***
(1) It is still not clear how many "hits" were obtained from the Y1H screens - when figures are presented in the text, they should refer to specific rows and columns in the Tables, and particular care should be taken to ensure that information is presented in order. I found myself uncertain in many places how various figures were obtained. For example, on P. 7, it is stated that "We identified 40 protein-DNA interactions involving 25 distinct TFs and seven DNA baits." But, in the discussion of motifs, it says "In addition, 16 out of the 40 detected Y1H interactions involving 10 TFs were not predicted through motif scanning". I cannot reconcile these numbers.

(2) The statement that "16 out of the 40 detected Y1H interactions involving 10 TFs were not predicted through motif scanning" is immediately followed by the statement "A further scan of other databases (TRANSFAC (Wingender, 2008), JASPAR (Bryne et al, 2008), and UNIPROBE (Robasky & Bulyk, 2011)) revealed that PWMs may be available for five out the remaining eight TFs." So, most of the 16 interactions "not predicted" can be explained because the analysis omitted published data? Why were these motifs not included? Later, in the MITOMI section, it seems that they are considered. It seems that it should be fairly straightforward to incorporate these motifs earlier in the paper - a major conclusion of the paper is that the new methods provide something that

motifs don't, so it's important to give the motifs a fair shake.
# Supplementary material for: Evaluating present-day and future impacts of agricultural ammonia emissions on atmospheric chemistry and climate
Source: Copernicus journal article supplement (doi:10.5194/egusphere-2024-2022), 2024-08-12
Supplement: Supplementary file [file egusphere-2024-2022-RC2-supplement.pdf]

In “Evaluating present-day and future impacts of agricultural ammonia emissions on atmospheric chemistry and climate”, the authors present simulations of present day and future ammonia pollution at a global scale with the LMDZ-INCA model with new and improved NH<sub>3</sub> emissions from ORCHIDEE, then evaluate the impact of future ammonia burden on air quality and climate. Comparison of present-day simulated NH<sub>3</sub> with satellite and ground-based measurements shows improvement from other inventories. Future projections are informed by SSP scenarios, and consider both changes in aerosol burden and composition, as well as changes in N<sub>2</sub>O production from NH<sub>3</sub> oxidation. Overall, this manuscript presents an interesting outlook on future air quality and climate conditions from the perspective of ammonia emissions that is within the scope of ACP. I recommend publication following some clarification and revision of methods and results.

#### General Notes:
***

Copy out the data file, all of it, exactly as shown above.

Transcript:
(1) It is still not clear how many "hits" were obtained from the Y1H screens - when figures are presented in the text, they should refer to specific rows and columns in the Tables, and particular care should be taken to ensure that information is presented in order. I found myself uncertain in many places how various figures were obtained. For example, on P. 7, it is stated that "We identified 40 protein-DNA interactions involving 25 distinct TFs and seven DNA baits." But, in the discussion of motifs, it says "In addition, 16 out of the 40 detected Y1H interactions involving 10 TFs were not predicted through motif scanning". I cannot reconcile these numbers.

(2) The statement that "16 out of the 40 detected Y1H interactions involving 10 TFs were not predicted through motif scanning" is immediately followed by the statement "A further scan of other databases (TRANSFAC (Wingender, 2008), JASPAR (Bryne et al, 2008), and UNIPROBE (Robasky & Bulyk, 2011)) revealed that PWMs may be available for five out the remaining eight TFs." So, most of the 16 interactions "not predicted" can be explained because the analysis omitted published data? Why were these motifs not included? Later, in the MITOMI section, it seems that they are considered. It seems that it should be fairly straightforward to incorporate these motifs earlier in the paper - a major conclusion of the paper is that the new methods provide something that

motifs don't, so it's important to give the motifs a fair shake.
# Supplementary material for: Evaluating present-day and future impacts of agricultural ammonia emissions on atmospheric chemistry and climate
Source: Copernicus journal article supplement (doi:10.5194/egusphere-2024-2022), 2024-08-12
Supplement: Supplementary file [file egusphere-2024-2022-RC2-supplement.pdf]

In “Evaluating present-day and future impacts of agricultural ammonia emissions on atmospheric chemistry and climate”, the authors present simulations of present day and future ammonia pollution at a global scale with the LMDZ-INCA model with new and improved NH<sub>3</sub> emissions from ORCHIDEE, then evaluate the impact of future ammonia burden on air quality and climate. Comparison of present-day simulated NH<sub>3</sub> with satellite and ground-based measurements shows improvement from other inventories. Future projections are informed by SSP scenarios, and consider both changes in aerosol burden and composition, as well as changes in N<sub>2</sub>O production from NH<sub>3</sub> oxidation. Overall, this manuscript presents an interesting outlook on future air quality and climate conditions from the perspective of ammonia emissions that is within the scope of ACP. I recommend publication following some clarification and revision of methods and results.

#### General Notes: